Movie Review: “The Imitation Game” – The Enigma Within

Written by Samah Ali January 13, 2015

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Alan Turing: mathematician, cryptologist, war hero, and indecent man? Benedict Cumberbatch plays the arrogant, socially inept protégée who made the first turning machine, now known as computers. An enticing and progressive tale, “The Imitation Game” is much more than typical war movie.

Alan Turing (Cumberbatch) and an elite group of cryptologists are hired to break a Nazi code and win the Second World War. Instead of decrypting relayed messages from the Germans, Turing decides to build a turning machine that would decrypt every code and expose battle plans for the day. To do so, Alan’s new friend Joan Clarke (Keira Knightly) teaches him to be friendlier with his colleagues to get help building his machine. Fighting norms against gender roles, both Turing and Clarke find a way to make the machine a reality and end the war.

“I think Alan Turing is hiding something.”

Storytelling is a beautiful thing, a necessity to a great film, and Graham Moore’s adaptation of Andrew Hodges “Alan Turning: The Enigma” is truly spectacular. Synthesizing Turing’s childhood, emphasizing his lonely habits and unfortunate attraction for bullies to translating his pains into his pompous adult character that causes people to hate him. Misunderstood, Turing’s quiet yet narcissistic natures are outlets for the inner demons he fights. Weaving through the past, present, and future, Turing’s life is a web of secrets that makes him a recluse and probably one of the most complicated characters of the year. With such little information on the man, Hodges and Moore captured Turing and did him justice.

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To add to Turing’s, wealth of secrets, he had to hide his true identity as a gay man. Illegal at the time, Turing kept his habits to himself until he decided to propose to his colleague Joan Clarke, a woman of her own tribulations. Fighting gender norms by joining the team of male mathematicians, Clarke had to earn a spot at the workplace and dealt with numerous sexist comments that doubted her intelligence. Her parents’ traditional values of marriage and children influenced her engagement with Turing, all to stay and be a part of something legendary. Cumberbatch and Knightly killed it, to say the least.

“This is the most important work that I will ever do and no one is going to stop me!”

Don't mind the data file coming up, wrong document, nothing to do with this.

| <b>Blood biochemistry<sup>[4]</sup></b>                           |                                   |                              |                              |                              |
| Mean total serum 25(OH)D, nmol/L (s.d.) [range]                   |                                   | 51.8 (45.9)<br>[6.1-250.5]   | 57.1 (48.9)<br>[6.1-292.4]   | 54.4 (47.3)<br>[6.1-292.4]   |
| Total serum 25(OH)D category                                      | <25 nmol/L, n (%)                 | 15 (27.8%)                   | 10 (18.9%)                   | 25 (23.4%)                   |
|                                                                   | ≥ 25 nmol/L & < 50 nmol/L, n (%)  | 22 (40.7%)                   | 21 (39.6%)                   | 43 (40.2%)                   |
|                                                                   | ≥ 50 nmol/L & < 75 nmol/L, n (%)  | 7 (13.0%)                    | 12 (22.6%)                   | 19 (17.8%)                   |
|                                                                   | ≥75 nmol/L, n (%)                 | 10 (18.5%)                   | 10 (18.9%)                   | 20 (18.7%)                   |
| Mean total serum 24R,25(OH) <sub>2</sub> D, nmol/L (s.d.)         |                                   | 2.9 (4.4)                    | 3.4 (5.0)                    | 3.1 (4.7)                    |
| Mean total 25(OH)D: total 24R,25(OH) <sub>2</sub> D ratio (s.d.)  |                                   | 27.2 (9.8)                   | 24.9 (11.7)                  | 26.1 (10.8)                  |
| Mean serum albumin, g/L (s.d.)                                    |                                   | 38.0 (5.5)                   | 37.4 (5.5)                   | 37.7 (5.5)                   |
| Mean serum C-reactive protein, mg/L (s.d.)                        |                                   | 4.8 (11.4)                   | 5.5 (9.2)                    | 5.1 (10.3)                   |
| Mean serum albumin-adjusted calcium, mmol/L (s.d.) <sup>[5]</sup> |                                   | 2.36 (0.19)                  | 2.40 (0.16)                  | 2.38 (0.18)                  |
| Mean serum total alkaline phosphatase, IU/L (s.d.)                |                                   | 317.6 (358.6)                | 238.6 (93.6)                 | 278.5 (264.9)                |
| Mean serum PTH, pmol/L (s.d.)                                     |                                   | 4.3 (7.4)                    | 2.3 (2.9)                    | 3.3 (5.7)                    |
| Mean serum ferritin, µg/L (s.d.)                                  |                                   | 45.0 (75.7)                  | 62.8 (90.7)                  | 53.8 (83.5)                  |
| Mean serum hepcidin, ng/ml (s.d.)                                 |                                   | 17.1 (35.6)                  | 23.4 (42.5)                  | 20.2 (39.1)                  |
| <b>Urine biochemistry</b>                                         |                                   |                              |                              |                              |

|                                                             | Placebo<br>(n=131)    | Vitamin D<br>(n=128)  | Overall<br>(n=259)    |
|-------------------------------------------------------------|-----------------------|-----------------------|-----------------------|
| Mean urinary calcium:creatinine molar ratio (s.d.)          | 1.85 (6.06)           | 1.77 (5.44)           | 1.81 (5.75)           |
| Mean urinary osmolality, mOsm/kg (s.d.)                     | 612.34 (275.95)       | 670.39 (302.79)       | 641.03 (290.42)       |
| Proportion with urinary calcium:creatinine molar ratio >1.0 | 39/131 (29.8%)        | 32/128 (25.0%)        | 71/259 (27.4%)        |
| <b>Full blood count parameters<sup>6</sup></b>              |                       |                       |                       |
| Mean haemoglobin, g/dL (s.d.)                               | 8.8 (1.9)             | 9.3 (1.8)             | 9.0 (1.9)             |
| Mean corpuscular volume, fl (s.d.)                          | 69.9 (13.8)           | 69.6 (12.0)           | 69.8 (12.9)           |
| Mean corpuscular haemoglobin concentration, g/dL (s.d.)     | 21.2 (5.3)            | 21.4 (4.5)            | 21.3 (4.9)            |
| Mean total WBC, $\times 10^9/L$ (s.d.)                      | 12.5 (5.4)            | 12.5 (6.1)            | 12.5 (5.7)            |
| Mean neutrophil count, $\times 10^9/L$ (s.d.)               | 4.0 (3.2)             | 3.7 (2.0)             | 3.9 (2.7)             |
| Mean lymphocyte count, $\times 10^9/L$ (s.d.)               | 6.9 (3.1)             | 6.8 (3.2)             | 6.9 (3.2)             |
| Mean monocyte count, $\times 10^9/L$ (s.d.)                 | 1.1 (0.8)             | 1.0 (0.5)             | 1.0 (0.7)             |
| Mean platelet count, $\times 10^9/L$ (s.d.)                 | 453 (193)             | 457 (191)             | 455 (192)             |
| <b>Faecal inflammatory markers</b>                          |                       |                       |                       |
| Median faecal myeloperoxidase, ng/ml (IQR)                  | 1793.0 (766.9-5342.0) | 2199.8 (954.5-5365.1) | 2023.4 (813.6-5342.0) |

“The Imitation Game” seemed to have an endless supply of layers that unraveled as each scene progressed. First it was a war movie, then about underdogs, then about women in the workplace, then about sexuality laws, then about right and wrong. Informative and moving, the movie showed how difficult it was to be someone in a high level of work that did not fit into the straight-white-male persona. Closeted away like the problems they were, Turing never fit in with his coworkers and Clarke barely worked in the same facilities as the rest of the men on the team. However, as Turing and Clarke used each other as leverage to get higher in their rankings, accomplishing more together than alone. The power of teamwork, everybody!

“Because I am a woman in a man’s job and I don’t have the luxury of being an ass.”

More meets the eye in “The Imitation Game”, a movie that goes beyond the topic of World War Two and shows the implications of gender and sexuality laws on regular people. A moving story that was phenomenally acted and written with detail and passion that leaked through the screen. Add this one to your list of war movies, because it is one of the greats.

Rating: 8.5/10

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About Samah Ali

Samah Ali

With a deep admiration for film, television, and music, Samah spends most of her free time expressing and sharing her love for the arts. Studying Creative Writing at Western University, she enjoys writing about film & music and shapes her passions with the latest movie or album available.

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